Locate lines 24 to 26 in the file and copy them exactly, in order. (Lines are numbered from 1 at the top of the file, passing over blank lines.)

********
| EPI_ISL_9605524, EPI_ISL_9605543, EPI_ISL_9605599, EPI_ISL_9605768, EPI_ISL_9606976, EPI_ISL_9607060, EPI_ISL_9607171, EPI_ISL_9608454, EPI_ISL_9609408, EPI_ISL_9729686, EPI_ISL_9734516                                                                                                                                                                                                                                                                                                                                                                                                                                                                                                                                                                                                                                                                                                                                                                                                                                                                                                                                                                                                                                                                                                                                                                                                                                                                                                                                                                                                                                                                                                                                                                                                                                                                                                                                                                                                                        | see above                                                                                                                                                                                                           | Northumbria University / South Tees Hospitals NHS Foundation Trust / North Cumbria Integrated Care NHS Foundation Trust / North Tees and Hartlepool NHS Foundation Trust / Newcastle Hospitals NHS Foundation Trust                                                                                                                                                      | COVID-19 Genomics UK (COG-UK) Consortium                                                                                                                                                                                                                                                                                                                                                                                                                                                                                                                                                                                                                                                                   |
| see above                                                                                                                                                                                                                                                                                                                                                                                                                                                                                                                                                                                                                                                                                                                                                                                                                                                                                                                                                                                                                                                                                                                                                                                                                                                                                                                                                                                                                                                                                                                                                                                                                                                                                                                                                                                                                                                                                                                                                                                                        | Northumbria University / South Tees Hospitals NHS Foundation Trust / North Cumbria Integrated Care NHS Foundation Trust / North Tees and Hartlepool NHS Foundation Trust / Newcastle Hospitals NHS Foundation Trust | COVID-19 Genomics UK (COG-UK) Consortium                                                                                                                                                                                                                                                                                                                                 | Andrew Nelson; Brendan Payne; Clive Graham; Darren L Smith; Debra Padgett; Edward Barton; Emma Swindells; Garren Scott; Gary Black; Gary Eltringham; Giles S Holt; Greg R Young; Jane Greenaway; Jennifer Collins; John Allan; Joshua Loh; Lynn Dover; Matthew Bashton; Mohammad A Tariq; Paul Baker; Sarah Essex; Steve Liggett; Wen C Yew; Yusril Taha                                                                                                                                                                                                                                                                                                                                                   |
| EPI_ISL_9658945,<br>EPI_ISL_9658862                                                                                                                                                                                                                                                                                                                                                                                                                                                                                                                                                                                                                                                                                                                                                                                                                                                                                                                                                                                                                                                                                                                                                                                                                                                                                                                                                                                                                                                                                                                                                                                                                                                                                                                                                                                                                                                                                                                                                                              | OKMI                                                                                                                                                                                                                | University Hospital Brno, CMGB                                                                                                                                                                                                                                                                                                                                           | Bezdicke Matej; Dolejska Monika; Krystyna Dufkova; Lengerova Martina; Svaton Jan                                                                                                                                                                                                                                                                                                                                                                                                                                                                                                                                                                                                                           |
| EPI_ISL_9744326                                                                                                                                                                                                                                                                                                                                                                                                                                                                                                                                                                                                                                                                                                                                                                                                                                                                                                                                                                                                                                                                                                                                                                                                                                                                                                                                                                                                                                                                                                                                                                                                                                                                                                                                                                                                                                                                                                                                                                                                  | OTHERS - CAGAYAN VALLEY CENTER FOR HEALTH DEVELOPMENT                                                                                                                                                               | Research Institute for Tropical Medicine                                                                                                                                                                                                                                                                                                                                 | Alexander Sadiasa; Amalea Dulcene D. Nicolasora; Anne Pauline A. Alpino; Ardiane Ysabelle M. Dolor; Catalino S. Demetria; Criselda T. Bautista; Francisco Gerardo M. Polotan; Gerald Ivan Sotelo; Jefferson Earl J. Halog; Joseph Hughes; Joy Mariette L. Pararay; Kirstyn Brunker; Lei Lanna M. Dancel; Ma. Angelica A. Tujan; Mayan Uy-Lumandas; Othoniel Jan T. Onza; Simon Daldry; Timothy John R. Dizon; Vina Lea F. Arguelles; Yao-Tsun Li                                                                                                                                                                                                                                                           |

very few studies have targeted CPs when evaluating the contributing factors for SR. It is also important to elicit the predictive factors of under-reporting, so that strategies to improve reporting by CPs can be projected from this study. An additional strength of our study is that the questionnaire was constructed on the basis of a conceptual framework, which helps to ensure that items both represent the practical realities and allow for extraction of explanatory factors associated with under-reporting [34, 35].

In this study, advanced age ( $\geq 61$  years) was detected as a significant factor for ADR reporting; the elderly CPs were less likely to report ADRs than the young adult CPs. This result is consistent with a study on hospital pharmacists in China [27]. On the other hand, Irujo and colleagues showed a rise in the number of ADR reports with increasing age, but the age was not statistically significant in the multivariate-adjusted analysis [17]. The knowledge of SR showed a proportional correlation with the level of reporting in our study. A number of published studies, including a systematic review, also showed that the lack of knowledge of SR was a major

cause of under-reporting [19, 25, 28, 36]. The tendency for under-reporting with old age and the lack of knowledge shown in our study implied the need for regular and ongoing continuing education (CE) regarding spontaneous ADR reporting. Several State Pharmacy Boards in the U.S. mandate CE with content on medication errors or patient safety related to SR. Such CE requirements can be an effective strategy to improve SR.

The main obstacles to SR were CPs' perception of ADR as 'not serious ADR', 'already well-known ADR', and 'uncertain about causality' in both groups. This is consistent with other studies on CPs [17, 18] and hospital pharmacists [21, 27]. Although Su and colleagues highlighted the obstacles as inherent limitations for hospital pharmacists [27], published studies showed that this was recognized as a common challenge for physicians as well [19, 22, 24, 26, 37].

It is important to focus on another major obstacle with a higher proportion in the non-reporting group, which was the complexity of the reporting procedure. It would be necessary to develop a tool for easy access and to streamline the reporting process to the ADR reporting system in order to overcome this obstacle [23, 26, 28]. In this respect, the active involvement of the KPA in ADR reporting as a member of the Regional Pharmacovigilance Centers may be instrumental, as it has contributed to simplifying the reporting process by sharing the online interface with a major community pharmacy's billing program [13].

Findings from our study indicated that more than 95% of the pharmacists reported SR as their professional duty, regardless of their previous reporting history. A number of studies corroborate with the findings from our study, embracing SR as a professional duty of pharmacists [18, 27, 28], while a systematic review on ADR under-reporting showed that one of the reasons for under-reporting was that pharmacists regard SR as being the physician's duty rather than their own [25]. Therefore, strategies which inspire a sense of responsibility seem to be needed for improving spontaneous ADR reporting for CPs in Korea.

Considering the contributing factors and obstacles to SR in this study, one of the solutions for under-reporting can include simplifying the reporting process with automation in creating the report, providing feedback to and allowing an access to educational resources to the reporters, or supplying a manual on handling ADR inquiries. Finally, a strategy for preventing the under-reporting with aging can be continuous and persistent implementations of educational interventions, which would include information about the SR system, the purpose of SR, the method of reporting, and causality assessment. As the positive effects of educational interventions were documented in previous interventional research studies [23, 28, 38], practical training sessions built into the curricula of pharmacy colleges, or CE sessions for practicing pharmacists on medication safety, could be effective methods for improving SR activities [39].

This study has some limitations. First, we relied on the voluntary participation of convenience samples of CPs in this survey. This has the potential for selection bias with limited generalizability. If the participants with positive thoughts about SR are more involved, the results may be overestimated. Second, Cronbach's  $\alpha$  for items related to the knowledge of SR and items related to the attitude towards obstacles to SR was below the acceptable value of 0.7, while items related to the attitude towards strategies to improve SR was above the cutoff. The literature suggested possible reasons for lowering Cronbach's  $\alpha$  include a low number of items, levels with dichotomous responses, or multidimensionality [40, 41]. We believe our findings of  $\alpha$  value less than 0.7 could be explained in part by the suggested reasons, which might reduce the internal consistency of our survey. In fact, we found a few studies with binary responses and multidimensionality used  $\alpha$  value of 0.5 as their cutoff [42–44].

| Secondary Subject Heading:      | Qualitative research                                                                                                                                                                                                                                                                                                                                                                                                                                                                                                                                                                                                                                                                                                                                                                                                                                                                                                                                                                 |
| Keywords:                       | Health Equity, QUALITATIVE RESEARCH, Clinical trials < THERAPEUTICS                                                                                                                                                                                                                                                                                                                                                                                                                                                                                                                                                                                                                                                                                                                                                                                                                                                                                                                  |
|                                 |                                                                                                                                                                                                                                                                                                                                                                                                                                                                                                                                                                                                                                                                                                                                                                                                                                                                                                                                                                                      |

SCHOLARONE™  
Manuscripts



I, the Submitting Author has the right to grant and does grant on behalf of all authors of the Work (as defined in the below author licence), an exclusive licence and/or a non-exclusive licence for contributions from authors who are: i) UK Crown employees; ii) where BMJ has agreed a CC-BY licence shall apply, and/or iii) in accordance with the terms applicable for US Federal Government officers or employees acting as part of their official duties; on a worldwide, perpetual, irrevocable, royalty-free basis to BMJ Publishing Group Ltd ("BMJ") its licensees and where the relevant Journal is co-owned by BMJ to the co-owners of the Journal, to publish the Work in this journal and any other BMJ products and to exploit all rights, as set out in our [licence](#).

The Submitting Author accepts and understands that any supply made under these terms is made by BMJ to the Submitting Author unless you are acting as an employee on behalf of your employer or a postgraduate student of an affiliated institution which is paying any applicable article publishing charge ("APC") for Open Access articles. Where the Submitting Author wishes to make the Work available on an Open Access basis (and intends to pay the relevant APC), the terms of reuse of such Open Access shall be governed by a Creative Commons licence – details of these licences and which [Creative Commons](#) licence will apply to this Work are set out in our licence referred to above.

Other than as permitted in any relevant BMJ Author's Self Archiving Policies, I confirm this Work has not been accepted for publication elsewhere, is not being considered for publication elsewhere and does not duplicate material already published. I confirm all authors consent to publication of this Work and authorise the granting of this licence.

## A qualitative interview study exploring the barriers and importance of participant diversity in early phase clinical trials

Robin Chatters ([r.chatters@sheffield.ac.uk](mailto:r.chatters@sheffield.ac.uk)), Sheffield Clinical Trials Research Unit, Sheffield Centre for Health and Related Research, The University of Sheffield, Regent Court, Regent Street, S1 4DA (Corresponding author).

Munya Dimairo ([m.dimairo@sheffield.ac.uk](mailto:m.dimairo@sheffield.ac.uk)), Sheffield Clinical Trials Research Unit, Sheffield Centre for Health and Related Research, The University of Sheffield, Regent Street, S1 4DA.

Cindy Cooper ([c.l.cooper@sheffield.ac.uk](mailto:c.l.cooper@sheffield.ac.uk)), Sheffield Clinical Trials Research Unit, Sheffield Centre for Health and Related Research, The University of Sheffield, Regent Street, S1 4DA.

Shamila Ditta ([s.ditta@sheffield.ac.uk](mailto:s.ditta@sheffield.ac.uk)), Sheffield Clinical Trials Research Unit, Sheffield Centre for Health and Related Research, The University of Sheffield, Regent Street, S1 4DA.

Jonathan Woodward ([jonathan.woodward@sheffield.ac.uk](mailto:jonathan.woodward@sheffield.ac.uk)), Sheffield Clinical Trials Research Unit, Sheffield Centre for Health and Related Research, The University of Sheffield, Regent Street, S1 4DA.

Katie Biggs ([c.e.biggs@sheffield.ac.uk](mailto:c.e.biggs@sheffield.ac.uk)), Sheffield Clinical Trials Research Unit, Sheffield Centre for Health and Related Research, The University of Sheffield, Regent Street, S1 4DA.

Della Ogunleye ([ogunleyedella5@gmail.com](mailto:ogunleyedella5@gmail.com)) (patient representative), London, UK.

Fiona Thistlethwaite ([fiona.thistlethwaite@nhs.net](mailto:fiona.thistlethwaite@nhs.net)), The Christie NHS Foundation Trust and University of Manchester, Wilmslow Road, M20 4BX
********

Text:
Cindy Cooper ([c.l.cooper@sheffield.ac.uk](mailto:c.l.cooper@sheffield.ac.uk)), Sheffield Clinical Trials Research Unit, Sheffield Centre for Health and Related Research, The University of Sheffield, Regent Street, S1 4DA.

Shamila Ditta ([s.ditta@sheffield.ac.uk](mailto:s.ditta@sheffield.ac.uk)), Sheffield Clinical Trials Research Unit, Sheffield Centre for Health and Related Research, The University of Sheffield, Regent Street, S1 4DA.

Jonathan Woodward ([jonathan.woodward@sheffield.ac.uk](mailto:jonathan.woodward@sheffield.ac.uk)), Sheffield Clinical Trials Research Unit, Sheffield Centre for Health and Related Research, The University of Sheffield, Regent Street, S1 4DA.